Just the Facts, Ma'am

In my version of Right Mind — what we have to do to engage and avoid conflict — another useful skill is

describing.

Telling it like it is. Seeing it clearly. Applying the No Blame Frame. Giving just the facts, ma’am.

I think of Columbo, the star of a very popular TV show I watched when I was growing up. Columbo was a really persistent (and apparently bumbling and hence quite annoying) detective who always nailed the perp. He did his job by being (or at least acting) unabashedly curious. “I’m just wondering,” he would say. Or he’d apologize for forgetting a detail and ask a few more questions so he could get it straight. “I’m sorry to bother you, ma’am — but I’m curious….” And he’d ask his suspect to describe what happened one more time.

Of course, Columbo was looking for guilt. He was doing criminal forensics. When we want to engage without devolving into conflict, we’re looking for understanding and points of connection.

We’re doing relational forensics.

Which means we have to be unabashedly and persistently curious to discern what the facts of an interaction are.

Two good places to start are

  • your own emotions

and your observations of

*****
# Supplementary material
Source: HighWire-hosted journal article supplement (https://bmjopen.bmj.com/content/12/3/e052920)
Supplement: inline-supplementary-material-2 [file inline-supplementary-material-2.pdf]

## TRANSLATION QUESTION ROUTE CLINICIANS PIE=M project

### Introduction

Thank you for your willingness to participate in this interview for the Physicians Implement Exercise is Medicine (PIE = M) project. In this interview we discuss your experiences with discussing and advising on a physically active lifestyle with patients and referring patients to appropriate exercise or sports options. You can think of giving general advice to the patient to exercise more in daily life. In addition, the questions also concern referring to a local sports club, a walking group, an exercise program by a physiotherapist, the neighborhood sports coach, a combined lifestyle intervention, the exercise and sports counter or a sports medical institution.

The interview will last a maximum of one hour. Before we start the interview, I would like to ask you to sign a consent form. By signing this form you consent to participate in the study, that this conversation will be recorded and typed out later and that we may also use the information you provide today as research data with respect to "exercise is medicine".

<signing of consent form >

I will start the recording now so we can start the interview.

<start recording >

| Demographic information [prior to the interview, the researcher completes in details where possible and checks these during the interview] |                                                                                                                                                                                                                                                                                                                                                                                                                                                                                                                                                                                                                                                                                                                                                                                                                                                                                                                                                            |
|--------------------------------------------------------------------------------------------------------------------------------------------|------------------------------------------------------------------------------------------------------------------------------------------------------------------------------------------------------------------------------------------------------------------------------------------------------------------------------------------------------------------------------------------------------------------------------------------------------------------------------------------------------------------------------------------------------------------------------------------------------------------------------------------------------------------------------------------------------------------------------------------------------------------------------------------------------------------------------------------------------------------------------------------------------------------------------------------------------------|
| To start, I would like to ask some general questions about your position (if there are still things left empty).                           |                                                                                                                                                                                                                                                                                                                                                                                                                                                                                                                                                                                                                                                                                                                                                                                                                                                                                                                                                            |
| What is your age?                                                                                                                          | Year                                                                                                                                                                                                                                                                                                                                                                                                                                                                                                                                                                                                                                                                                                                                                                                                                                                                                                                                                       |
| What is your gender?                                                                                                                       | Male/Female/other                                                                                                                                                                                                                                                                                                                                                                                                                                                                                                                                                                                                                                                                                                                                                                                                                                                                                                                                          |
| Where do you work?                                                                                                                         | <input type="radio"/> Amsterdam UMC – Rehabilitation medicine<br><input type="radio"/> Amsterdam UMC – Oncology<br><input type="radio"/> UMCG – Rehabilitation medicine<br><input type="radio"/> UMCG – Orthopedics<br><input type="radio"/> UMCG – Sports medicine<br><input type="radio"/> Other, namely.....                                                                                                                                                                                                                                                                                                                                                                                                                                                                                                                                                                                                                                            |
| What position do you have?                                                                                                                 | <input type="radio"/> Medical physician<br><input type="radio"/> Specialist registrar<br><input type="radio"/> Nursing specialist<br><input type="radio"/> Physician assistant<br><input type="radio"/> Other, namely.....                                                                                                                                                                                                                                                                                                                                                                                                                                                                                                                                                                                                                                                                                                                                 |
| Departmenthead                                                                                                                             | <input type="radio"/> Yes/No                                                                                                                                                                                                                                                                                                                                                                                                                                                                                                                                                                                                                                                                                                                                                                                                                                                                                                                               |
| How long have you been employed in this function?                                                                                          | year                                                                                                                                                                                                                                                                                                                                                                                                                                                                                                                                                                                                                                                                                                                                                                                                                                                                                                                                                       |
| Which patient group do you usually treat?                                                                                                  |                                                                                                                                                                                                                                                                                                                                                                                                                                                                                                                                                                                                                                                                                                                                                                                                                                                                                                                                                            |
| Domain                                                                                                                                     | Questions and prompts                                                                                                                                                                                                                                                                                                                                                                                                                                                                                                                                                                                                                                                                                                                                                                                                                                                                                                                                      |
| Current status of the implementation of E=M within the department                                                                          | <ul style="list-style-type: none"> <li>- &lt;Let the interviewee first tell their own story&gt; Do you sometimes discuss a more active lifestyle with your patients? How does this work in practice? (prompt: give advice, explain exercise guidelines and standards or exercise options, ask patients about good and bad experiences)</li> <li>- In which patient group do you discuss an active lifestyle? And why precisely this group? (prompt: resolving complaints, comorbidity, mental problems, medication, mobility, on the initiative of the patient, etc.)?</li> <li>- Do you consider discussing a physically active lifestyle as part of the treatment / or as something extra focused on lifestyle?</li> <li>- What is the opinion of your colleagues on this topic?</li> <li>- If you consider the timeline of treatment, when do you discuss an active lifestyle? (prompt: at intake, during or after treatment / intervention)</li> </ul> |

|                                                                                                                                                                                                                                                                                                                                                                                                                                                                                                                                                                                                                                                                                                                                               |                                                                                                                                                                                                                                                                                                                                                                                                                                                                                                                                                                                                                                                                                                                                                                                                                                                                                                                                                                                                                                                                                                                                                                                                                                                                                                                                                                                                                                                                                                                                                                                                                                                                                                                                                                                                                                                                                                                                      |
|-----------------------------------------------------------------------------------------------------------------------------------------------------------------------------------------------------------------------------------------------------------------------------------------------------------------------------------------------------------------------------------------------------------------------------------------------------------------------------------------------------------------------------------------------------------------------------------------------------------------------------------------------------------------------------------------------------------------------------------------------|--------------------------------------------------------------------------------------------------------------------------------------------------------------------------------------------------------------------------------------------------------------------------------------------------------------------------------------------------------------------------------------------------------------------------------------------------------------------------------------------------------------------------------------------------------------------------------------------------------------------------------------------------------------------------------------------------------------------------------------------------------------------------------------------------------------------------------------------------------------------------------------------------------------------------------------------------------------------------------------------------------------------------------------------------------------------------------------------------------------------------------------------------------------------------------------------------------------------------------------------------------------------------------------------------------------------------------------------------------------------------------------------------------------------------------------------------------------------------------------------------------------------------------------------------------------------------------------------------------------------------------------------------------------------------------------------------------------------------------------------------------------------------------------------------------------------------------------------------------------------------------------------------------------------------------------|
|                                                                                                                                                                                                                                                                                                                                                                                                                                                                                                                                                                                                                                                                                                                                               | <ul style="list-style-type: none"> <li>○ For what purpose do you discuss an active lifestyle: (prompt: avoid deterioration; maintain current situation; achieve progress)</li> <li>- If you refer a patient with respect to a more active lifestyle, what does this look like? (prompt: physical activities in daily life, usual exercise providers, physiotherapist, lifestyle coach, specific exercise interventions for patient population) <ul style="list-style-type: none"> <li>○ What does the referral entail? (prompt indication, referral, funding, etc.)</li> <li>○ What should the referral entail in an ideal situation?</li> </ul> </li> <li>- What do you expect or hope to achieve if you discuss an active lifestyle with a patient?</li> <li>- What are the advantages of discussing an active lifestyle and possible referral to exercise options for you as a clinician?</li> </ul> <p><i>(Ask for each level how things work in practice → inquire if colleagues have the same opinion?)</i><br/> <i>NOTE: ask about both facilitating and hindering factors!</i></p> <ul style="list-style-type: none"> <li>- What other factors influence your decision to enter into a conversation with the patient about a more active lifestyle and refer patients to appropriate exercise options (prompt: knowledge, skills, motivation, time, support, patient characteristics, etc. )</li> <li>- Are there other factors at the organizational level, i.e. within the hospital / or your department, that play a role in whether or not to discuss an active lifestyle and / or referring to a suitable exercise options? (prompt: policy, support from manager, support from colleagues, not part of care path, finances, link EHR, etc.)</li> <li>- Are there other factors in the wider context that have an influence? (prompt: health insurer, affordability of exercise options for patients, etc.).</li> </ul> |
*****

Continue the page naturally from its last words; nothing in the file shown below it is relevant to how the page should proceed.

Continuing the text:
• your own and others’ behavior.

Labeling your emotions (as mentioned in Right Mind) is one way of describing the facts of an interaction. Your emotions are very useful data. (If you don’t remember why, re-read The First Trick.)

Describing what just happened — what you saw, what people did — is another source of relational data. This can be very difficult for at least these reasons:

  • Our perceptions are already biased (we see what we want to see).

  • We tend not to question our assumptions.

  • Backing out of automatic interpretations takes effort and discipline.

  • We forget to ask questions before making judgments.

  • Describing requires detachment, and it can be super difficult to detach when we are activated and afraid.

I suggest it is these bullet items that lead us into conflict. Reversing these tendencies — being unabashedly and persistently curious about the facts, ma’am — leads us to engagement.

Betsy BurrisComment